Lamont plays long game as DUG delivers

08/11/2021 - 14:30

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Limitless WA: With a market capitalisation of around $100 million, DUG Technology has grown from a backyard operation to now planning a huge supercomputer in the Mid West.

Lamont plays long game as DUG delivers
Matt Lamont co-founded supercomputing business DUG. Photo: David Henry

Years before DUG Technology was sharpening plans for a supercomputer near Geraldton, it was flickering to life in a backyard shed in Subiaco.

Now an ASX-listed big data business with big ambitions, DUG was co-founded by Matthew Lamont and (then) PhD student Troy Thompson.

Initially known as DownUnder Geosolutions, DUG was inspired by Dr Lamont’s work in the US, after he identified a gap in Australia’s geoscience technology market.

The founders worked with 40 computing nodes and wrote numerical codes in the shed.

Their sweat equity delivered a win three years later, in 2006, when the business contributed to its first oil and gas discovery, at Julimar.

Matt Lamont in 2020. Photo: Gabriel Oliveira

Offices in Houston, London and Kuala Lumpur followed, as did technology patents using immersion of supercomputers in cooling oil to improve processing efficiency.

But while the two founders had worked hard to develop rapidly, the biggest obstacle was beyond their control.

The oil price dropped 70 per cent from mid-2014 to 2016, hitting lows below $US40 per barrel.

For a business built on providing data services to oil and gas, it was a substantial setback.

“Oil and gas is a very tertiary business, so we had really good times in the early years when we didn’t have all our technology offerings as complete as they are today,” Dr Lamont said.

“Then in 2015, we had the big oil price slump and so it has been difficult through those periods when we’ve had to think about how to keep growing, how to twist and turn and find a way to compete really well.

“It has been tough, at times.

“It does test our beliefs to the very core of ourselves and what we can achieve.”

Those difficult years led the company to diversify, and more recent work has been with defence contractor Austal and the Harry Perkins Institute of Medical Research, in addition to working with the International Centre for Radio Astronomy Research.

DUG processed about 200 terabytes of data from the Murchison Widefield Array radio telescope, and its engineers optimised processing algorithms for the data.

The company is also currently working with astronomers associated with the international Square Kilometre Array radio telescope, to be built in the Murchison, and hopes to continue as the project progresses.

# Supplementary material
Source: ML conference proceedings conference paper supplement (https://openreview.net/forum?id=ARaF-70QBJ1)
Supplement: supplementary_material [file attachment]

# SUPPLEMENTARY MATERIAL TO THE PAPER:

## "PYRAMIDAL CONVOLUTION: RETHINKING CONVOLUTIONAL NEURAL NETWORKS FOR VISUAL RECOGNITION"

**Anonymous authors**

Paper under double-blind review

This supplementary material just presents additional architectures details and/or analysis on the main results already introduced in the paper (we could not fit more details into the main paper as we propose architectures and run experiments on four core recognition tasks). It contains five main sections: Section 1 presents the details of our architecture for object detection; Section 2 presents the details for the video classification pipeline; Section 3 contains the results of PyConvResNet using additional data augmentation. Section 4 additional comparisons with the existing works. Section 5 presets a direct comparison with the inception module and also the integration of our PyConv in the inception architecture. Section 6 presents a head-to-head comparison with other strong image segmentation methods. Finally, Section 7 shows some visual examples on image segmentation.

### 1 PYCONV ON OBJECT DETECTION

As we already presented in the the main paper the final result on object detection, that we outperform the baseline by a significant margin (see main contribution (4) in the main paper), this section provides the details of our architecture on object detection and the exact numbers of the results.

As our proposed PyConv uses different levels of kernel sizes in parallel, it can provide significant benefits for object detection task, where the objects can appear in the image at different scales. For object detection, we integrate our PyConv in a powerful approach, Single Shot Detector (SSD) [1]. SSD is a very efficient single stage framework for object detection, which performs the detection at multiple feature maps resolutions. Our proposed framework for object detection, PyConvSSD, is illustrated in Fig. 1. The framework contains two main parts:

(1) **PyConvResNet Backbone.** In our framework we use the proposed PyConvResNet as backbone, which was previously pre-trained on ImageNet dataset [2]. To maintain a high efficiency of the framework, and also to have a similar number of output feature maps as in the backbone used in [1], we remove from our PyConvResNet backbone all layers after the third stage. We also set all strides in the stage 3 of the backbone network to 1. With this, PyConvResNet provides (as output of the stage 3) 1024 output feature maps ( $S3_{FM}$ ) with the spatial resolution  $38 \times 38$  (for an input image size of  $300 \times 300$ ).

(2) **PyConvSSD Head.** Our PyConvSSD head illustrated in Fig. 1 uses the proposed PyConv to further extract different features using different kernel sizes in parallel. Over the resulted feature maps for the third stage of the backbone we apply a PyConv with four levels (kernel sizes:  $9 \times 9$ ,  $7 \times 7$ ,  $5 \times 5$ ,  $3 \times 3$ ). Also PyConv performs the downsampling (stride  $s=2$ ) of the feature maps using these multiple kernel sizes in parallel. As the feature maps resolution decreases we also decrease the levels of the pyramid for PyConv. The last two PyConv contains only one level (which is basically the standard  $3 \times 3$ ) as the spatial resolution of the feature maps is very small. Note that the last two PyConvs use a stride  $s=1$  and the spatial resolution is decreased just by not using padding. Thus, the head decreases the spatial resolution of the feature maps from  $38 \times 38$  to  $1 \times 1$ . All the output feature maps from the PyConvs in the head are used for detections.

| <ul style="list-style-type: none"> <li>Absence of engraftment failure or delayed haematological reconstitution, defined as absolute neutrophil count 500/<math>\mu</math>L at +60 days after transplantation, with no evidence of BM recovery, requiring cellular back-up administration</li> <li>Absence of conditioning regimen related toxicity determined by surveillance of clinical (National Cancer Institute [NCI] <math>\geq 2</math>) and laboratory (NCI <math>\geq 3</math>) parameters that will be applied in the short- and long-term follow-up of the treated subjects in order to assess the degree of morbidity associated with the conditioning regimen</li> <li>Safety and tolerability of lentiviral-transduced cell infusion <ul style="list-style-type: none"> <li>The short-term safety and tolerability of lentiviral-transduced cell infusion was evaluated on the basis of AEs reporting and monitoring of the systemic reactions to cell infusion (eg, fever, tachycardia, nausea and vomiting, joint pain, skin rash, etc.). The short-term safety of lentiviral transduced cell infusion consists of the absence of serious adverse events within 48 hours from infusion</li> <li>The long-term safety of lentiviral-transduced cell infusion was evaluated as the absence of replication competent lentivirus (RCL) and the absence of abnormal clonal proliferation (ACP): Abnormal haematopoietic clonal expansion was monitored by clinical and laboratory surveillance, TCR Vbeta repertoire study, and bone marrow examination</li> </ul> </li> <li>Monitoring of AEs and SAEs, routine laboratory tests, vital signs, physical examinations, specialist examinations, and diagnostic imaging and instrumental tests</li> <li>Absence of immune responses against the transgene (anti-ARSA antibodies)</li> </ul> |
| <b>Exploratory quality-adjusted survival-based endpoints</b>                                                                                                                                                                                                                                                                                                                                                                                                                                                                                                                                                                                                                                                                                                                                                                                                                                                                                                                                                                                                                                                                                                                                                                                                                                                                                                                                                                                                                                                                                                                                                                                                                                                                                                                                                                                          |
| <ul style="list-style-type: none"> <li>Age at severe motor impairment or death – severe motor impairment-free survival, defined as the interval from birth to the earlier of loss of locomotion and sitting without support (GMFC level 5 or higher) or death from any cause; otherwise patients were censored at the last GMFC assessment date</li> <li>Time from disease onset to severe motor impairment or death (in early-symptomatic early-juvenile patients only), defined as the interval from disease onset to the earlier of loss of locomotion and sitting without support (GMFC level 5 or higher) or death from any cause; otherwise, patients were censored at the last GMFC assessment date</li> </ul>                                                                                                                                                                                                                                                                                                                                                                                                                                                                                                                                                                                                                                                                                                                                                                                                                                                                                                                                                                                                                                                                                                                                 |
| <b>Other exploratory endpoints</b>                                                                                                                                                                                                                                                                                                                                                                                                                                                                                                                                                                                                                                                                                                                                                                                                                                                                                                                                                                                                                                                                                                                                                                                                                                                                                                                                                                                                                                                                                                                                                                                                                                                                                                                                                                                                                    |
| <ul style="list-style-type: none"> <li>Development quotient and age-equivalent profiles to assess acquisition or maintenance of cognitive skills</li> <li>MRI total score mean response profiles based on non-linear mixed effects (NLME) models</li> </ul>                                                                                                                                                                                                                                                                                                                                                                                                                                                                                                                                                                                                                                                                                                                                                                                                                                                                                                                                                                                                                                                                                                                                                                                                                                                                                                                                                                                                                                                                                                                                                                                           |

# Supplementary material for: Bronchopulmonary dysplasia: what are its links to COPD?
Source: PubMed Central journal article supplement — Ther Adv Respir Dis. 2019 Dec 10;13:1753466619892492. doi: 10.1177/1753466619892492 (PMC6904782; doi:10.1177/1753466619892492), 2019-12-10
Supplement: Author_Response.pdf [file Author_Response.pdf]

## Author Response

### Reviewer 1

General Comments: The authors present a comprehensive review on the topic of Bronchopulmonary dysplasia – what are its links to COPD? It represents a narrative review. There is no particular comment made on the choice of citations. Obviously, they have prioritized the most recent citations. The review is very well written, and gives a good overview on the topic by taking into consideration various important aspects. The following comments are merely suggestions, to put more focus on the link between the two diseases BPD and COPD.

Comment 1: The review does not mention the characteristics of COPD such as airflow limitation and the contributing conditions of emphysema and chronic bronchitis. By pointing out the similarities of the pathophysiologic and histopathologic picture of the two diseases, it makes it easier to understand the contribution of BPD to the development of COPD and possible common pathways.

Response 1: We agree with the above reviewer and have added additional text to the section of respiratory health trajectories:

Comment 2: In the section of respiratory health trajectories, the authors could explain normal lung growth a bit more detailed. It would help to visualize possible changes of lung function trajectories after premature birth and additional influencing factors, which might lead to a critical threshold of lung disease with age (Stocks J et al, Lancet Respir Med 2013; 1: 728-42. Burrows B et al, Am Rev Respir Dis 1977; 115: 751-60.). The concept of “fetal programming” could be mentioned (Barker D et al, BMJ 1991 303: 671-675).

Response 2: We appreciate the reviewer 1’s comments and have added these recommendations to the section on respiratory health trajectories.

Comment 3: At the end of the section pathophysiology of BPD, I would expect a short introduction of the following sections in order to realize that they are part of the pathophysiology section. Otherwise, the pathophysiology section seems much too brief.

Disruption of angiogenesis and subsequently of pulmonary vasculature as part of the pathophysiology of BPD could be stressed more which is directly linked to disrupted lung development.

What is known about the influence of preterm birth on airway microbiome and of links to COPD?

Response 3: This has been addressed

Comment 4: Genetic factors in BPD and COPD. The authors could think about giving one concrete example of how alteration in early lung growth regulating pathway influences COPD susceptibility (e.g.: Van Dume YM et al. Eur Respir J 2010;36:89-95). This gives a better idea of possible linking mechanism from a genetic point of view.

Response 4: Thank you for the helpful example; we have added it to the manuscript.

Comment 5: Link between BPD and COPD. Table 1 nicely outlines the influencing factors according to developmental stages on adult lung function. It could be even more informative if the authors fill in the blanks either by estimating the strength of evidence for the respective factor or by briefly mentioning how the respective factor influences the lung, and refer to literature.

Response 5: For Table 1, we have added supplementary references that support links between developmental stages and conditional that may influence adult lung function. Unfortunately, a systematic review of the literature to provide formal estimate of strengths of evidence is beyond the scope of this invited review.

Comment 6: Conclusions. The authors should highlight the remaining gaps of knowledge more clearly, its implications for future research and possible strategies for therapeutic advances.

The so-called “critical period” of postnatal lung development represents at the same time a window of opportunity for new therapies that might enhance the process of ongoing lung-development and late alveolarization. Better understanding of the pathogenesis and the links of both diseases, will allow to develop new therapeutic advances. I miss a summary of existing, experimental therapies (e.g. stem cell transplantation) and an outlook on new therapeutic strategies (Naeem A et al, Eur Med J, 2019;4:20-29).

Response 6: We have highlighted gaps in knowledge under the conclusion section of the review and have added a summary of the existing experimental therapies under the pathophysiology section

DUG is planning a large supercomputer near Geraldton, with a capacity of 200 petaflops, which is much larger than the company’s 23-petaflop computer in Kings Park.

A 200-petaflop computer would be able to undertake 200 quadrillion floating-point operations every second, a level that was world-leading only three years ago.

It is equivalent to about 20,000 PlayStation 5 consoles.

Longer term, the facility might be scaled up further to an exaflop, equal to 1,000 petaflops.

It will be powered by renewables, and the company is developing hydrogen batteries for storage purposes.

“High-performance computing is a huge user of energy,” Dr Lamont said.

“The high-performance computers in America use more power than the UK does in total.”

It was important to be part of the solution, he said.

“Our clients are scientists for the most part and scientists are all very cognisant of their carbon footprint and wish to have a solution for it,” Dr Lamont said.

“That’s what we’re providing there.”

Greener computing was a tremendous opportunity, he said.

“[In] Geraldton, we’ve got world-class renewables up there in terms of sun and wind,” Dr Lamont said.

“There’s only about an average of six hours a day when you don’t have sun or wind power generation.

“So, we’re sitting on a tremendous resource and that just creates a huge business opportunity right there.

“That’s what we’re working on.”

High performance

DUG listed on the ASX in August 2020, raising $26 million; a move Dr Lamont said he could never have anticipated when he founded the company nearly two decades ago.

“For a long time, it was just about growing research and development to get to a size that allowed us to compete with the big global players in the marketplace,” he said.

“And to grow R&D we needed to have the revenue, otherwise we would always be a little bit of a niche player, and that’s what drove us for a long time.”

Dr Lamont said there was a wave of change under way in the high-performance computing world.

Traditionally, most high-performance computers were in universities and other institutions, mandated by governments.

The Pawsey Supercomputing Centre in Perth is one such example.

But private operators such as DUG are now entering the field, albeit more so in the US and UK.

“What we’re seeing now and what we’ve seen over the last ten years is a change of precedent around the world where there’s now commercial providers of high-performance computing,” Dr Lamont told Business News.

“We’re one of those; we’re one (of few), if not the only one, in Australia.”

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